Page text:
Networking: Start Early, Start Small

If you have a neighbor whose young adult child has a job in a restaurant, and you have a different neighbor who owns a restaurant, start small and network with the young adult first.  Have your child talk to someone closer to their age, whose job experiences have more relevance.  Speaking to an older accomplished adult can be very intimidating.  Students have to practice before they can talk to an executive level professional.  Students – don’t leave this networking up to your parents and their friends: try to maintain connections with students a bit older than you whom you know from school or an activity.  Seek out those who seem to be going places – they will likely be great networking sources as you grow and expand your interests in the world of work.

For students and their families who are about to embark on a networking project, I’d like to help you put this into perspective. Imagine you personally (parent or student) might want to run for an elected town board position.  Your neighbor says they know the Mayor of the closest large city and suggests you talk to them to learn about local politics (e.g. the Mayor of Boston for instance, or of Phoenix).  Picture yourself: your first foray into networking is with that Mayor – intimidating, right?  Don’t make this mistake. In networking, we often try to reach out to the most powerful and connected adults we know  in the hopes of gaining career insight, or an internship, or a job…fast.  And, we adults, with very good intentions, often jump the shark when helping students by introducing them to these high level contacts.

Students, however, need to practice having conversations first.  The point of these initial conversations is not just about making rain from the conversations.  Remember, this is the era of less and less verbal discourse.  So, students don’t come to networking having much practice at formal conversation. Make the entry-point into networking easy. Students need accessible, personable contacts who help encourage them and help them practice the art of formal discussion – teachers, the clergy, self-employed people in your town are all great first starts.  And, regardless of whom you are meeting, set yourself up for success.  Confirm your appointment the day before, pre-write a draft thank you (so it can be edited quickly with a few personalized details and be sent within a day of the meeting-email thank yous are fine). Foremost, arrive with a list of 5-8 questions you have practiced with a family member. (Examples: how did you get into this line of work; what classes in school helped you; what characteristics make someone good at your kind of job; if you were starting out now, what would you do to get yourself ready; what other things do you do outside of work that you enjoy; is there anyone else you think I should talk to or any websites or books or magazines I should look at?…)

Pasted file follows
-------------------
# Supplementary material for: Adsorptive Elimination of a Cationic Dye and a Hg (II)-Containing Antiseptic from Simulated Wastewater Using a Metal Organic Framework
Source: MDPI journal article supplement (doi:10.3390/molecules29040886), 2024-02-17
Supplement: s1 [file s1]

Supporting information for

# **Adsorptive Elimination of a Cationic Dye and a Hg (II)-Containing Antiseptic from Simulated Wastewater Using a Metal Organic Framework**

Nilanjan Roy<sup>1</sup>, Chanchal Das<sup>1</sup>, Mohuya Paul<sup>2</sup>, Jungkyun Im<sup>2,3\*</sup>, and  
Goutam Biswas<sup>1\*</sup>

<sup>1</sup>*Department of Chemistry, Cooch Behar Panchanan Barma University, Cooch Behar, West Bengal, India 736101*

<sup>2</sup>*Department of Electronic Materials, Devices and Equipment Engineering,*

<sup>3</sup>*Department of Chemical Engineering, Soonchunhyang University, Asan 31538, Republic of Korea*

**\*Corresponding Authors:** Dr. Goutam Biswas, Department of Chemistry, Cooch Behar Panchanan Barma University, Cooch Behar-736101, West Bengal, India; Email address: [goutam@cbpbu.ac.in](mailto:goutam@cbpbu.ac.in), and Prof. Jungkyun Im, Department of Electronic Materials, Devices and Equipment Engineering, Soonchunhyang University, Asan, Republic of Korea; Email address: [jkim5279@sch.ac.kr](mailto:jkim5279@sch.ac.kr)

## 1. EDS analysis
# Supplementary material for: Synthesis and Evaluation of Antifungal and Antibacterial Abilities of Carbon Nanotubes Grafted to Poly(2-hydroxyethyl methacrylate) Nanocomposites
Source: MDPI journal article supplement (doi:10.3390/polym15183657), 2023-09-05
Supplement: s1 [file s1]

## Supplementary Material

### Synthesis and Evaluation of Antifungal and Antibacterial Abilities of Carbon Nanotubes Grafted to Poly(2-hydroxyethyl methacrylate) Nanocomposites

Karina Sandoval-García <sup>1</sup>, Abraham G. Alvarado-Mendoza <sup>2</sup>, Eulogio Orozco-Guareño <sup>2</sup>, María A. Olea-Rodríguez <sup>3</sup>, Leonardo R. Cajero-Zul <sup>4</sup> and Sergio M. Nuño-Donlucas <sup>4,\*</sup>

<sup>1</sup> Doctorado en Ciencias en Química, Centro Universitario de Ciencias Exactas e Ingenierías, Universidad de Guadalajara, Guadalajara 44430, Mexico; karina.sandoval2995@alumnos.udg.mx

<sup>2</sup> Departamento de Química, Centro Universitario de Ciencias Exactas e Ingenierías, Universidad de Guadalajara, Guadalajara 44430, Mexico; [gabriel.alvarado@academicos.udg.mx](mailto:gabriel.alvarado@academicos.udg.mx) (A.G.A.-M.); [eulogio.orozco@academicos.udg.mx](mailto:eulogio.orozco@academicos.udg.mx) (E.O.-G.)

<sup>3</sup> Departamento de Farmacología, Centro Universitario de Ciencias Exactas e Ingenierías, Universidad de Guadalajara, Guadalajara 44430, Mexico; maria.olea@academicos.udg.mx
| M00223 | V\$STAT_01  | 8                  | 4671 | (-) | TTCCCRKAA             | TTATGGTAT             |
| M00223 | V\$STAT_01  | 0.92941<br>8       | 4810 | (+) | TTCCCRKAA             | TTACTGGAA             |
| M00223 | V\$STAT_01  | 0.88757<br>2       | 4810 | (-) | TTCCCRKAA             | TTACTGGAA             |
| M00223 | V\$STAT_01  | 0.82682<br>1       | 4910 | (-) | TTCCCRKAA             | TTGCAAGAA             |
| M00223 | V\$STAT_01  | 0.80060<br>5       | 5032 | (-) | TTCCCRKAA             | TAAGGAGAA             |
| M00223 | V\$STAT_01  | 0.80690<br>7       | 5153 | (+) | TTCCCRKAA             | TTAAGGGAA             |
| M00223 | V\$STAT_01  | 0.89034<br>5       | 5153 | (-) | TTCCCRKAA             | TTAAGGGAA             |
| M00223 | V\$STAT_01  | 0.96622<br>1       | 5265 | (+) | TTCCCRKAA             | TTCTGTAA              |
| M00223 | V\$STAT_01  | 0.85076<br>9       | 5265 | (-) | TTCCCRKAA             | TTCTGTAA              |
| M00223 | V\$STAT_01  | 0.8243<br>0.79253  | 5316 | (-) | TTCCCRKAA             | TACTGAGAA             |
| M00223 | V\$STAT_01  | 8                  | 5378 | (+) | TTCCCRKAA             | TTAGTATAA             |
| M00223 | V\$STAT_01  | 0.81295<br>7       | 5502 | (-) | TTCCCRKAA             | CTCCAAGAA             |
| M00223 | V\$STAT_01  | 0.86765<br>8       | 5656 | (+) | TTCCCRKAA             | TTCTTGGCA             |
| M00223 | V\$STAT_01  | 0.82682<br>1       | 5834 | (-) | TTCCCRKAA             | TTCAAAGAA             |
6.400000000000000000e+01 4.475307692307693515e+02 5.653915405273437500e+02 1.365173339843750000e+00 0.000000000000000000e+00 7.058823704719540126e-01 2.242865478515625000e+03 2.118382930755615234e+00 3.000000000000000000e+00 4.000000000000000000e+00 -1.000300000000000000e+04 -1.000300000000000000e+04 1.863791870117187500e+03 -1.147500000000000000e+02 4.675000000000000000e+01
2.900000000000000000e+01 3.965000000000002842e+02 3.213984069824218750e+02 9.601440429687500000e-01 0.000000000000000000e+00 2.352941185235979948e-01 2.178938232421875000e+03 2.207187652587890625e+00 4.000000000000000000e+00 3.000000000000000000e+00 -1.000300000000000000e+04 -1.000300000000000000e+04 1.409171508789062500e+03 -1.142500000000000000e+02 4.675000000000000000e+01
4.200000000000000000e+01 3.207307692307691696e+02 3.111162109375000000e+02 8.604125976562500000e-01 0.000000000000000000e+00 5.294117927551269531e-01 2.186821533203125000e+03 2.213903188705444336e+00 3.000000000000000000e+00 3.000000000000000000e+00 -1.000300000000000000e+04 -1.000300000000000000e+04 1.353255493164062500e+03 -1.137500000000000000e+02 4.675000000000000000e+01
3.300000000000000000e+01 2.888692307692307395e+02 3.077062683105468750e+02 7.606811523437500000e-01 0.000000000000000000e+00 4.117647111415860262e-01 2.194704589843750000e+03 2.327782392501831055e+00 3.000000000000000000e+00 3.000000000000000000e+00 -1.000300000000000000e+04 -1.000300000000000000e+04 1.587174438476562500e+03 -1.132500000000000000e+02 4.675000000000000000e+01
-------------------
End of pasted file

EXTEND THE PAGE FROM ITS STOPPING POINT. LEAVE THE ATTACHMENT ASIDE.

Starting small and in this low-stakes way – much like trying out a bicycle with training wheels or learning to ski on the bunny slope, will reduce anxiety and improve your success.  Watch how you blossom as you graduate to more and more complicated conversations with more and more connected individuals over time.  Your standard list of questions will begin to trip off your tongue naturally.  You will add new questions effortlessly.  Your confidence will grow – age appropriately – so that those whom you meet won’t question how you made the contact or why they are speaking with you.  You will right-size your ability with your opportunities, and the whole process will be more comfortable and yield better results.

training wheels

 

 

Breaking News: Humanities Majors Don’t Suffer Financially over The Long Haul

 

humanities
Picture credit: Maine Humanities Council

Here is the bottom line….about the bottom line…for humanities majors vs. STEM majors – first of all, a number of polls including those from Gallup and Forbes show that overall, humanities majors are just as happy in their jobs as STEM majors, and that any pay difference is not causing them upset. And, great news… then, as they grow in their careers, often they close the pay gap with their scientist and engineering peers. Chronicle on Higher Education goes on to state that, “The results are familiar, if you’ve read those past reports: Bachelor’s-degree graduates in engineering and the sciences earn roughly $10,000 to $30,000 more, but humanities majors catch up over time — and humanities majors more effectively close the pay gap between younger and older workers. What’s more, the college debt that humanities graduates carry is about the same compared to other majors.”

Add to this a recent blog post by the respected Michigan workforce group, MichiganFuture, about how Google totally revised its thinking about workforce hiring strategy and humanities majors, “Project Oxygen (Google’s enterprise wide workforce analysis project) shocked everyone by concluding that, among the eight most important qualities of Google’s top employees, STEM expertise comes in dead last. The seven top characteristics of success at Google are all soft skills: being a good coach; communicating and listening well; possessing insights into others (including others different values and points of view); having empathy toward and being supportive of one’s colleagues; being a good critical thinker and problem solver; and being able to make connections across complex ideas.